This is probably starting to sound a lot like colonialism, right? The Chinese are like the Spanish in the fifteen and sixteen centuries, and the British in the eighteenth and nineteenth. It’s reminiscent, too, of US globalization in the twentieth century, where McDonalds and blue jeans were foisted upon every nation of the world, eroding many of the charming distinctions that existed between different cultures. Except this is much, much worse. The Chinese have more power and more people. They have fewer morals are intent on annihilating the environment wherever they go, decimating wildlife, ruining coral reefs, and ensuring that nothing natural remains. They have done a spectacular job of making China into one vast grey nightmare over the past few decades, and now they have their eyes on the world.
China’s neighbours must be quaking in their boots as the CCP look around and lay claim to every bit of land and sea within a thousand miles (or more) of their own rightful shores. They took Tibet and Xinjiang, and they will bully their way into ownership of every last speck of land in the South China Sea. They’ve eroded Hong Kong’s independence, and it won’t be long before missiles fly over the Straits and tanks land on the shores of Taiwan. And who will stop them? Who will stand up for Taiwan?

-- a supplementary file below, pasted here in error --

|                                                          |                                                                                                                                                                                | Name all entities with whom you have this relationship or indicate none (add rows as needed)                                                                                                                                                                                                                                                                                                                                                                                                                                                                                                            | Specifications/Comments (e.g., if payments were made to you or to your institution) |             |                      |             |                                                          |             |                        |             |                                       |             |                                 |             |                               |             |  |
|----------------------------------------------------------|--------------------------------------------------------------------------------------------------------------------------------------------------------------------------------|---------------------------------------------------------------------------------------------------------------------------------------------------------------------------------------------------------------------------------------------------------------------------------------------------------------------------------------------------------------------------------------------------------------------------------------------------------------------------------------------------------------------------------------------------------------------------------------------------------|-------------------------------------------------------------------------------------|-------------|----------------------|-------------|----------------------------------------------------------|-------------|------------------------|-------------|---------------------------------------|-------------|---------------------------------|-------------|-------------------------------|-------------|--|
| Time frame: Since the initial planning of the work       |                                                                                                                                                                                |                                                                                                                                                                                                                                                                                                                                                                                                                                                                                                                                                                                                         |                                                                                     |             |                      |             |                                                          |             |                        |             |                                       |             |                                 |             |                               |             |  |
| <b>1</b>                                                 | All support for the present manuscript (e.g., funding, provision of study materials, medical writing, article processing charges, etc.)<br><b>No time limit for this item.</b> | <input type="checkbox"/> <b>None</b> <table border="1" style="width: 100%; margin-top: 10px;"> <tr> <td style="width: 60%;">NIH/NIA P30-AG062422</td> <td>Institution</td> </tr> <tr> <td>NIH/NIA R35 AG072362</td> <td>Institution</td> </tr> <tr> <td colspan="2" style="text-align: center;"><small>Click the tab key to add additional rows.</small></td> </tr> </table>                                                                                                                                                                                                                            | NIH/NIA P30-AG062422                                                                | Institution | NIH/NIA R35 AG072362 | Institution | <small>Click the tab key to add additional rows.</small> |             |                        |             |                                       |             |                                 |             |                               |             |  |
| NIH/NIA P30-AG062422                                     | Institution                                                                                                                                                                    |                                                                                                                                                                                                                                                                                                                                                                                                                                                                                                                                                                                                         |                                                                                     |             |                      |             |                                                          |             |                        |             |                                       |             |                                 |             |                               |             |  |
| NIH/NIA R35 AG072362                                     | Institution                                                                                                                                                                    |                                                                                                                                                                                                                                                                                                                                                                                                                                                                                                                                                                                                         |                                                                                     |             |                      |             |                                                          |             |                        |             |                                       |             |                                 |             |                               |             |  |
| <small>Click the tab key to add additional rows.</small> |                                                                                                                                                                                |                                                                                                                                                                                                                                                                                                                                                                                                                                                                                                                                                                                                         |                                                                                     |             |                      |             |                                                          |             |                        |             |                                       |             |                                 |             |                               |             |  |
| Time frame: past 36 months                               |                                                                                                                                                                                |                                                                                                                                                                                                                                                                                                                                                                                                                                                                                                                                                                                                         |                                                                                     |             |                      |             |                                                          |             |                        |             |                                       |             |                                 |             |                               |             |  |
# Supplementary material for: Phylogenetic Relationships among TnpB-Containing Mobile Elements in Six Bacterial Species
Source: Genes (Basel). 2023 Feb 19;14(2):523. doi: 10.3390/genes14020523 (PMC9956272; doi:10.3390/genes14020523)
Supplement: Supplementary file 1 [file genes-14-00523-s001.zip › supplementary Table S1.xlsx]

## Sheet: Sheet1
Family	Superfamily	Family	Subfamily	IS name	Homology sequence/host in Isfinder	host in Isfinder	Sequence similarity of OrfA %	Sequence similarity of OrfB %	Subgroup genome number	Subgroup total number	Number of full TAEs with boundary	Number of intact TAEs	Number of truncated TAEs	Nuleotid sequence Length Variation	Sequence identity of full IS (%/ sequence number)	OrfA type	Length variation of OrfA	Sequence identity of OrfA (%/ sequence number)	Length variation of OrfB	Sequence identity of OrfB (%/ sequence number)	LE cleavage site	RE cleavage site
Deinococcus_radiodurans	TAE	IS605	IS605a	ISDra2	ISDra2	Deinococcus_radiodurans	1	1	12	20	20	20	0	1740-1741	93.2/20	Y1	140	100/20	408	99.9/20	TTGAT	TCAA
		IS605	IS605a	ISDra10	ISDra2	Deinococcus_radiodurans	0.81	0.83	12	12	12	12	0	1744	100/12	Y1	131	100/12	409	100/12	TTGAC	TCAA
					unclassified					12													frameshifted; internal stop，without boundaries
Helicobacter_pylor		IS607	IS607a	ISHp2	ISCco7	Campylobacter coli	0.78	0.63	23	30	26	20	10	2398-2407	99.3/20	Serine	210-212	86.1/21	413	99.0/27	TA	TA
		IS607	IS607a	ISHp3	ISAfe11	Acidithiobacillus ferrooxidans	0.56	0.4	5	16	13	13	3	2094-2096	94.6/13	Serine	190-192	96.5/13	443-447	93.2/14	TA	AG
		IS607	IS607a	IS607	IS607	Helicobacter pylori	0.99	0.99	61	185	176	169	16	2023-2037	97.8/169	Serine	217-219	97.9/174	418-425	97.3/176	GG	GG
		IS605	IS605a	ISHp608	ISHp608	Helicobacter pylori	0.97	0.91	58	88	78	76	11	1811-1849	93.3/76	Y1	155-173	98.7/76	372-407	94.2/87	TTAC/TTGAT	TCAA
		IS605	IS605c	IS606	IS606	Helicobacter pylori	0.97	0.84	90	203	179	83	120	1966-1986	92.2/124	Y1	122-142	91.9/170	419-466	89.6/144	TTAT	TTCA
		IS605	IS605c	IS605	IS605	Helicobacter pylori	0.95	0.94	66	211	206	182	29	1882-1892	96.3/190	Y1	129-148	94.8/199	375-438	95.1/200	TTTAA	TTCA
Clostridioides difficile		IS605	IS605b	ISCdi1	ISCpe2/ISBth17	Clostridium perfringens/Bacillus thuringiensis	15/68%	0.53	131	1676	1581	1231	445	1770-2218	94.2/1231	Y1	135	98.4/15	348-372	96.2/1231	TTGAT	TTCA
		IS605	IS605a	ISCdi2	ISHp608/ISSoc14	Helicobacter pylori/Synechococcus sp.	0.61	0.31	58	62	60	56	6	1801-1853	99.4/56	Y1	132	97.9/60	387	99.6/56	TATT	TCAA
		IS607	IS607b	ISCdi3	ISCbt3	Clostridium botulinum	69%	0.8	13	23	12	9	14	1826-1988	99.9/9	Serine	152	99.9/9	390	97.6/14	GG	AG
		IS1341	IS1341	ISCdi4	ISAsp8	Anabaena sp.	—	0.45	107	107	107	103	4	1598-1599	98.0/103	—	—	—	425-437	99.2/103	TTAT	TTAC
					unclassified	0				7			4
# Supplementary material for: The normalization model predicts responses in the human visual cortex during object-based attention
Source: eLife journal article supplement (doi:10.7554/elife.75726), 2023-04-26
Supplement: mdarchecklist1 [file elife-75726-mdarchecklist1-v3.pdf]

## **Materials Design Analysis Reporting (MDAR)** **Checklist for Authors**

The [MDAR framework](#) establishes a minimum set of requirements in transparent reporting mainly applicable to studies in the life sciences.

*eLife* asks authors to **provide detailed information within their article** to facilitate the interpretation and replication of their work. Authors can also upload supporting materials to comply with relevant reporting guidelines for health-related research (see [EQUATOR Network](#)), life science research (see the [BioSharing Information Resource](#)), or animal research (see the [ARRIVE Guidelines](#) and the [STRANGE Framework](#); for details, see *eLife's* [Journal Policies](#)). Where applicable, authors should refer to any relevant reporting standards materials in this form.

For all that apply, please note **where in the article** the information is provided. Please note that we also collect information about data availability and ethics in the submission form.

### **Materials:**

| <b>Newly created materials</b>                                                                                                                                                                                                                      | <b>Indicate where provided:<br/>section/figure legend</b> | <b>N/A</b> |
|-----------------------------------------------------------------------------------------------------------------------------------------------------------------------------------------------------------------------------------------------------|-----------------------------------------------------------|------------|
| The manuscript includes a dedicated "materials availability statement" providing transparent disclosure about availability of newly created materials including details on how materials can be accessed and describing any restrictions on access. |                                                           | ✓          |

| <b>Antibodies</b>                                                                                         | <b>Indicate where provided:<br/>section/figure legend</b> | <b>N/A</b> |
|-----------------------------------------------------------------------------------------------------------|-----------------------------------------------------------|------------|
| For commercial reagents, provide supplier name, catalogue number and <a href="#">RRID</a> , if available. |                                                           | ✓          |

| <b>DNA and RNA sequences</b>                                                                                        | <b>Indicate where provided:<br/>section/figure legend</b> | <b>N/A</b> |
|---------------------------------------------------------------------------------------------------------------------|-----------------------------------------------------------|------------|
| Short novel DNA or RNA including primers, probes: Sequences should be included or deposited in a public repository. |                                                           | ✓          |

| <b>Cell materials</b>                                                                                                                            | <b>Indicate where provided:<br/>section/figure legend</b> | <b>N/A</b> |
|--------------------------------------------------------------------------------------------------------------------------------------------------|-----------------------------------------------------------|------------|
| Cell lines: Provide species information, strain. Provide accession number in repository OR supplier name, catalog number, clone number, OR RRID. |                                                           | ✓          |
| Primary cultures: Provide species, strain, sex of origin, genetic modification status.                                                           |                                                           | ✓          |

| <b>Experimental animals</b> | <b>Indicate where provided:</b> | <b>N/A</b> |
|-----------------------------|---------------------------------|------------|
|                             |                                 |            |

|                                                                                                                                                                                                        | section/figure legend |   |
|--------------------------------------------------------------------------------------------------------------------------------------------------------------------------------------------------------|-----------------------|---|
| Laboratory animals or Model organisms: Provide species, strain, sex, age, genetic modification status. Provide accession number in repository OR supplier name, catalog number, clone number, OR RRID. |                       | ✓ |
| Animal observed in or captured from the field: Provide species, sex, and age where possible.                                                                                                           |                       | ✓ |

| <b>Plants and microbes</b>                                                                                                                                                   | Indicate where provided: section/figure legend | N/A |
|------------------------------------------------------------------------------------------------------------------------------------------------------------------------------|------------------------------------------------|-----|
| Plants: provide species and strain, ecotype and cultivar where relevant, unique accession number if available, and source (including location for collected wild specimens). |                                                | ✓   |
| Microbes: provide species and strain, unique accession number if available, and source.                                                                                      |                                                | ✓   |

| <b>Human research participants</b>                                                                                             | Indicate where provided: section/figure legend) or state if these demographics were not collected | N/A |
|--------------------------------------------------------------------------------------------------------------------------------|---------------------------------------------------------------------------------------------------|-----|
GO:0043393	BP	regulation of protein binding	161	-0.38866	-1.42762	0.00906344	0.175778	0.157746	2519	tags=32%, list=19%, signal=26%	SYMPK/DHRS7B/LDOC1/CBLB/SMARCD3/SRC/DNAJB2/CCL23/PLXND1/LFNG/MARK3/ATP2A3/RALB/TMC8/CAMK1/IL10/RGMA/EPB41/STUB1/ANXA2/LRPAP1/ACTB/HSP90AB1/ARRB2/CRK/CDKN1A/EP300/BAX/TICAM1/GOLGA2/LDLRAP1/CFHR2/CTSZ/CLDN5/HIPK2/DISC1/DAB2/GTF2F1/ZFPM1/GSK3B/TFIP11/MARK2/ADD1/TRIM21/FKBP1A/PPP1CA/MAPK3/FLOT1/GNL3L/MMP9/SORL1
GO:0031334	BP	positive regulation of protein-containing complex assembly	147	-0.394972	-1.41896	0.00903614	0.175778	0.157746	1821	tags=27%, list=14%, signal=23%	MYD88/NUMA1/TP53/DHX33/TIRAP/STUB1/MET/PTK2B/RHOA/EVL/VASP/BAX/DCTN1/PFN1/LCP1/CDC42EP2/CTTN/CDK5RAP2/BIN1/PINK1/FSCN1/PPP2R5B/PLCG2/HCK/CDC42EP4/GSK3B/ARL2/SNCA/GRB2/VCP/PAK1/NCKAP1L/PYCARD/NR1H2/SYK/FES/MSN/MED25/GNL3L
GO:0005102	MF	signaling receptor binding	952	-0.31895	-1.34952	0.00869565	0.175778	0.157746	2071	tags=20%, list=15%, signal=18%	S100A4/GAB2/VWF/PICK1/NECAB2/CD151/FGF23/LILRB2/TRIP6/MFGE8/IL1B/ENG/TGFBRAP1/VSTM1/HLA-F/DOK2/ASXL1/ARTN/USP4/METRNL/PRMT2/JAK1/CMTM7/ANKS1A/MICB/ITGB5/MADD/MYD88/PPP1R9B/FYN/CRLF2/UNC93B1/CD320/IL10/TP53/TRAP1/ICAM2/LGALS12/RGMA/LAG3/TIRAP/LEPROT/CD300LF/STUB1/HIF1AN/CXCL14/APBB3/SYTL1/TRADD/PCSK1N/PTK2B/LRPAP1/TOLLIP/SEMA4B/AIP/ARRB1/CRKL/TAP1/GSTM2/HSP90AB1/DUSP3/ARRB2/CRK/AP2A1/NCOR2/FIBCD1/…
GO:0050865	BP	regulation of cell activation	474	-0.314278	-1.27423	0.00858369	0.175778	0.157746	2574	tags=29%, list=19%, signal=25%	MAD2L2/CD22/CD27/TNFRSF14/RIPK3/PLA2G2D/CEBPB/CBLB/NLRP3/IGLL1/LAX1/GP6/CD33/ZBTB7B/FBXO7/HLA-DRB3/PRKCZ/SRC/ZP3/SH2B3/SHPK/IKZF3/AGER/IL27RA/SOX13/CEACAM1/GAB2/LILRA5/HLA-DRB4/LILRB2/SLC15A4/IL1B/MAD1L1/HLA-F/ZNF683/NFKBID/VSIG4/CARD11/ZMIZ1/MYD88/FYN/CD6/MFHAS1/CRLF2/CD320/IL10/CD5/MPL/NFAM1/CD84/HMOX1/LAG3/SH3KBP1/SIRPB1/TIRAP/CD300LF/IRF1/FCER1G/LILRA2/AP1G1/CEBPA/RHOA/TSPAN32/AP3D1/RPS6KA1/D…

There is no one.
The world is changing, and not for the better. As Spengler foretold, the West is falling, and while that is not necessarily a bad thing, it will be replaced in a position of power by a truly evil entity. There will be not checks or balances, no national discussion, not even the semblance of democratic process… The forces of good in this world will be powerless, and the worst actors in each corner of the globe will be emboldened by China’s rise. We may even see the West fall not just in terms of power, but into Chinese-style systems of oppression, as they attempt to return to the top of the pile.
We have entered the Chinese Century, and it looks bleak.